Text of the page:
On Sunday evening, in a time slot perfectly orchestrated to capture Golden Globes viewers and those aimlessly scrolling on social media, Kendall Jenner revealed – by way of a much-hyped announcement – that she is the newest face of Proactiv. In furtherance of the undoubtedly big-money endorsement deal, Jenner and Proactiv released a video promoting in which the 23-year old model promotes the 23-year old skincare company, the latter of which is known for its affordable acne solutions and longstanding direct-to-consumer subscription model.
Fan furor erupted almost immediately. It was clear that Jenner’s announcement – which had been positioned (largely by “momager” Kris Jenner) as a “raw story,” “brave” revelation, and an attempt to “help foster a positive dialogue” – was little more than the latest money-grab by America’s most famous reality television family. But beyond the positioning of the campaign as a type of social awareness endeavor, another element ruffled many feathers: consumers think Jenner is lying.
In the minute-long video, alongside clips of Jenner on the 2018 Golden Globes red carpet and photos of her makeup-free face with some significant acne outbreaks, Jenner – the world’s highest paid model – addressed her struggle with acne. “For me, I can honestly say the magic [in warding off these skin issues] was Proactiv,” she stated. “This is the way that I got clear.”
“Not so fast!”, hordes of social media users called in response. “Kendall Jenner gets $3,000 facials wearing head to toe Balenciaga in between shoots for Vogue. I promise you she’s not using Proactiv,” one individual tweeted, capturing the general skepticism surrounding the authenticity of Jenner’s new endorsement deal.
W Magazine chimed in on Tuesday, stating that in 2015, Jenner divulged in a post on her now-defunct app that after “acne had ‘completely ruined [her] self-esteem,’ she began working with her ‘incredible dermatologist’ and undergoing Laser Genesis treatments, which have left her ‘acne-free for about three years now.’” The publication’s Andrea Park further revealed that Jenner’s dermatologist, Christine Kidd, spoke to the magazine in March 2018 “about the skincare regimen she’d prescribed for Jenner,” none of which included Proactiv products.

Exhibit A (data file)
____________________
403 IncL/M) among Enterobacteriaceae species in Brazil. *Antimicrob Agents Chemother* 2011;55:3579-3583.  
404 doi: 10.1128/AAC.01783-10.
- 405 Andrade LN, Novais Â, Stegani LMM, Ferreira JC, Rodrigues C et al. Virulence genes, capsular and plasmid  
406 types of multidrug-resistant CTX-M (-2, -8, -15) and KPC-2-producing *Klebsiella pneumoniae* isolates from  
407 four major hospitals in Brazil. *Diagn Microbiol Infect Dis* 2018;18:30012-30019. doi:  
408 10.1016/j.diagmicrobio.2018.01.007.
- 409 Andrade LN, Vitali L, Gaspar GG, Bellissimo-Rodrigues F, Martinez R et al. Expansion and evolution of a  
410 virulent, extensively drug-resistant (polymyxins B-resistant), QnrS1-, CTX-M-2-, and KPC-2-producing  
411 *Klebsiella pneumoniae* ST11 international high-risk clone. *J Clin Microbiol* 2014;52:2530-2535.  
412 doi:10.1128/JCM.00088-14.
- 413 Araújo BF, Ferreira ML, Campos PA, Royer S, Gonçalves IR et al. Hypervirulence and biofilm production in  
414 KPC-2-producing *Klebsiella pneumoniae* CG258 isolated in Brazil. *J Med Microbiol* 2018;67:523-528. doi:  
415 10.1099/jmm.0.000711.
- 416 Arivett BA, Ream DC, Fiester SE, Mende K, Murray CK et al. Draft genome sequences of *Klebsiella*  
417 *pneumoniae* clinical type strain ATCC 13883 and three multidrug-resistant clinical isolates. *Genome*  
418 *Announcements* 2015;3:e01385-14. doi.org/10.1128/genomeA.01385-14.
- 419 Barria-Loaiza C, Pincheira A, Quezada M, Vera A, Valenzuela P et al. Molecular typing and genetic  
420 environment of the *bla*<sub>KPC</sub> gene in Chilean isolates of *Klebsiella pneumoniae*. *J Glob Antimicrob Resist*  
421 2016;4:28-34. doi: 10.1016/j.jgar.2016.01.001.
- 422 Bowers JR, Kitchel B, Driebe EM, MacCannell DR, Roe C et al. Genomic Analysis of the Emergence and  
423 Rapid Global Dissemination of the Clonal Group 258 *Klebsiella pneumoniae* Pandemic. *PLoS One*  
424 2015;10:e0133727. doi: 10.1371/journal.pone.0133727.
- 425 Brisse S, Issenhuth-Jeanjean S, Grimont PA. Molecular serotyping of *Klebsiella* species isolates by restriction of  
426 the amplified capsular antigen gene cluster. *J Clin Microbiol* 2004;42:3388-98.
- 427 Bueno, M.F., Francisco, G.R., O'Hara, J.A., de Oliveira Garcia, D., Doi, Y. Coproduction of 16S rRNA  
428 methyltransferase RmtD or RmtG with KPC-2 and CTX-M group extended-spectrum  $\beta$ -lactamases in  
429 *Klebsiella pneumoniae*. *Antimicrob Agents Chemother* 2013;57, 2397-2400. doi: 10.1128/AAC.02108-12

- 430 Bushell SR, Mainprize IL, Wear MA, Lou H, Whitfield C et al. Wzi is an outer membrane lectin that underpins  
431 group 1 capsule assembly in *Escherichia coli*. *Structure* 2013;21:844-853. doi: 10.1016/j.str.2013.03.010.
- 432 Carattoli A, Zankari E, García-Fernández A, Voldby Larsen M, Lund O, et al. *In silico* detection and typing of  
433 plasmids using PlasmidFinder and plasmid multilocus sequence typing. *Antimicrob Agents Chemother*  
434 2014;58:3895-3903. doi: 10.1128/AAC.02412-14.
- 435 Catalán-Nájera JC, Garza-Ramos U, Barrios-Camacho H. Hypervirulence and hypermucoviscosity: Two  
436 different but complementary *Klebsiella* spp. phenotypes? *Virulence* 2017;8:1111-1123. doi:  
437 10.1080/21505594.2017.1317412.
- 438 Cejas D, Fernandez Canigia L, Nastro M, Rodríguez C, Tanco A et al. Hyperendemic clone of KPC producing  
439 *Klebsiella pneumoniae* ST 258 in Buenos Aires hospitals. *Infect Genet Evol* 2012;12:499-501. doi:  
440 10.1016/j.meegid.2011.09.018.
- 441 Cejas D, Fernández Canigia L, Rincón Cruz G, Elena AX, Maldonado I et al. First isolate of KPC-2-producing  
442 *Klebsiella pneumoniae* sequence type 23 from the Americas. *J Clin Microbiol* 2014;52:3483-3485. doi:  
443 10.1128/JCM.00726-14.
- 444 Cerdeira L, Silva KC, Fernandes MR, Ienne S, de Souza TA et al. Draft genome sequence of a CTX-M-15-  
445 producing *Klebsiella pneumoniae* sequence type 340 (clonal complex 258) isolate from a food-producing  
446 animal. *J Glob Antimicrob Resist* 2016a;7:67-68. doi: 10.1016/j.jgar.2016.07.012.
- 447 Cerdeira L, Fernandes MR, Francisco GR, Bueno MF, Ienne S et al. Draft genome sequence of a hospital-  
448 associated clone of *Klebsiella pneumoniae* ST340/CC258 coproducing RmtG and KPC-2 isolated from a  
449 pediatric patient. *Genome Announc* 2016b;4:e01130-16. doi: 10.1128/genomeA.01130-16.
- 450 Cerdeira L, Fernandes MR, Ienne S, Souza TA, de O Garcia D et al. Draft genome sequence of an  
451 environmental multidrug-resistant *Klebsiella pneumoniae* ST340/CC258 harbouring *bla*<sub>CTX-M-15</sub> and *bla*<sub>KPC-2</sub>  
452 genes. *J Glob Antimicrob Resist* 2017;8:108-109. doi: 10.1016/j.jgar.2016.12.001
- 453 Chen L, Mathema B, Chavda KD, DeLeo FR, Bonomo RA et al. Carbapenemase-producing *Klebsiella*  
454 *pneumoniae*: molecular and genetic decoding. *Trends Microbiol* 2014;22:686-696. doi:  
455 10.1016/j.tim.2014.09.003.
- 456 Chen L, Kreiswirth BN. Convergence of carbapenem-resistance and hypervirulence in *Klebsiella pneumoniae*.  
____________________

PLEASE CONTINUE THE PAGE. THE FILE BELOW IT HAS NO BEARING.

So, what if – hypothetically speaking – Jenner is fabricating her reliance on Proactiv for the sake of a compelling and effective advertisement? Well, that could give rise to legal complications for both Proactiv and Jenner, as the use of false or misleading information about a product is the basis of a false advertising claim under U.S. federal law.
As Rebecca Tushnet, a Harvard Law School professor specializing in false advertising (among other things), told TFL, “Endorsers generally have to be truthful about their use of the product they endorse.” In particular, she points to the Federal Trade Commission’s guidelines, which state, “When the advertisement represents that the endorser uses the endorsed product, the endorser must have been a bona fide user of it at the time the endorsement was given.”
“The wrinkle here,” according to Tushnet, may be timing. Such a (hypothetical) false advertising case would rely on “whether Jenner’s endorsement communicates that she was a bona fide user in the past when treating her earlier outbreaks.” Or, Tushnet says, “It may be that [Proactiv] intends to argue that it’s enough if she now uses it to [clear up] a repeat of past problems.”
It is worth noting that the FTC has been notoriously lax on all things Kardashian/Jenner and even family member-by-marriage Kanye West, seemingly looking the other way on the endless number of undisclosed or improperly disclosed social media sponsorship posts – which run afoul of its influencer/celebrity disclosure guidelines – even when faced with formal complaints. So, there is a relatively good chance that this potential misstep might also leave the famous family both richer and legally unscathed.
A rep for Proactiv did not respond to a request for comment.